The Mountains of California
Box Spring Mountain • Highpoint: Box Springs Mountains
• Box Springs Mountain Reserve
• Riverside County

The very start

Part of the Spring Trail shortcut

Looking back at my truck

Tower city up here

The highpoint up ahead

The highest point

Looking back at the other towers. The Sierra Madre barely breaks through the hazy gloom

Moreno Valley's weenie "M"

The top again. I deliberately tried to get as many wires in the picture as possible

The Box Springs Mountains and the C as seen from Blaine Avenue

The C from UCR's campus and its iconic bell tower

Date: May 11, 2012 • Elevation: 3,080 feet • Prominence: 1,160 feet • Distance: 4 miles • Time: 2 hours • Gain: 780 feet • Conditions: Warm and hazy


The Box Spring Mountains are a compact range northeast of Riverside and extending into Moreno Valley. The mountains are desert-like, with no trees, low grasses and scrub, and lots of rocky extrusions. There is also at least a half-dozen communication tower complexes strung atop the broad summit and ridge area. From below on the Riverside side, the most notable feature is a big concrete "C" overlooking the University of California-Riverside campus, my alma mater (B.Sc. 1989, M.Sc. 1992). In recent years, a big "M" was built to overlook Moreno Valley. For the record, the mountains mostly lie outside both city's boundaries.

During my time in Riverside, I hiked to the C often, starting in 1989 (my senior year) and consistently about once or twice a week thereafter, even in summer, and once in a driving winter rainstorm. The hike to the C started at the end of Big Springs Road and followed an unofficial footpath directly upslope to the C, about an 800-foot gain in a half-mile. It was a good workout and made me feel less guilty when I'd later drink a bunch of 32-oz. glasses of Sierra Nevada Pale Ale at the university's drinking establishment, the Barn.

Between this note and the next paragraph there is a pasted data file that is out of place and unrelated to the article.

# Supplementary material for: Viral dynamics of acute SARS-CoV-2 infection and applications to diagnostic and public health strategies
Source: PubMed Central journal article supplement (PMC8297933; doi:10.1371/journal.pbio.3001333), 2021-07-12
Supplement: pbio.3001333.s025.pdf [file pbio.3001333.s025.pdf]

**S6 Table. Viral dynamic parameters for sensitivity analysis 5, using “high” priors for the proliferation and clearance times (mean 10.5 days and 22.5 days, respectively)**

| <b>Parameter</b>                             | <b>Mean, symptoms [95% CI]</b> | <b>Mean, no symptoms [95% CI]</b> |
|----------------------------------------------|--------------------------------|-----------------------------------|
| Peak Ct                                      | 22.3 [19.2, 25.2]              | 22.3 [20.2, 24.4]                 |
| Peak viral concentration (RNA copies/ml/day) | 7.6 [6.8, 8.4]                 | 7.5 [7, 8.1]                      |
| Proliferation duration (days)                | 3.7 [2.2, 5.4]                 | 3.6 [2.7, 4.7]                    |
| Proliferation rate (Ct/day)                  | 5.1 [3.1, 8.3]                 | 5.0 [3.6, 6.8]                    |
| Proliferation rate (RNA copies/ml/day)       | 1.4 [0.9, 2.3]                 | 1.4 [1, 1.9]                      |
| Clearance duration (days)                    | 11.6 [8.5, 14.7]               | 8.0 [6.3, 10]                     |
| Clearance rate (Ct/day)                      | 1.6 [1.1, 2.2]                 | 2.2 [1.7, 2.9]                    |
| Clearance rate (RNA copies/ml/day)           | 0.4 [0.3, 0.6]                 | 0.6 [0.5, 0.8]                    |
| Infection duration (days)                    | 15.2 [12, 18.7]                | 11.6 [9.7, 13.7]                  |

On a few occasions, I varied the routine. Once, I sidehilled north to a gully where I found, of all things, an actual burbling spring. There really are springs up here, after all. Another time I continued up past the C to a batch of radio towers, hiking until I reached the closest one. Then, I descended south off a ridge into Moreno Valley. On the descent, I almost got kilt when one of the big rocks I was holding on to for balance broke apart in my hands, the part I was holding onto weighing about 500 pounds. The damn thing careened downslope and broke apart into a million little pieces. Had I been below it, I would have been crushed.

I descended onto roads in MoVal. This put me about three miles from my car, back on Big Springs Road. So I started walking down the main road (called Box Springs Road) into Riverside to my car. About half-way back, a couple friends of mine, on their way to see a movie, see me and pull over. They kindly gave me a lift back to my car. Later, they told me they got a speeding ticket trying to make up lost time getting to their movie. Scott Surgent strikes again.

April 1989 hike to the "C"

Overlooking Riverside.

At the C. Check out my cool
"Rush" t-shirt, from their
1985-86 Power Windows tour.

The C and Box Springs Mountain
as seen from my apartment.
As you can see, Riverside was
still mostly jungle back in 1989.

That was around 1990. Fast forward to 2012 and I'm studying the maps of Southern California, looking for peaks to hike surrounding a birthday celebration for my dad's 70th and my niece's 12th. I got to thinking if I actually had hiked to the summit back on my 1990 adventure. Back then, I would have had no idea where the actual highpoint was, and without a map, it's hard to tell just by looking. So I made plans to hike the Box Springs Mountains, this time specifically to its highest point. A bunch of service roads and trails snake up top, so getting to it would not be difficult.

I left Arizona about 8 a.m. on Friday the 11th and made the long drive across the desert into Southern California with no troubles except getting a "fix-it" ticket from an Arizona Highway Patrolman for my busted windshield. In California, I left the interstate and followed CA-60 through the hills that separate Moreno Valley and Beaumont. In MoVal, I exited onto Pigeon Pass Road and went north, bypassing Canyon Springs High School where I substitute taught for a year back in 1989-90.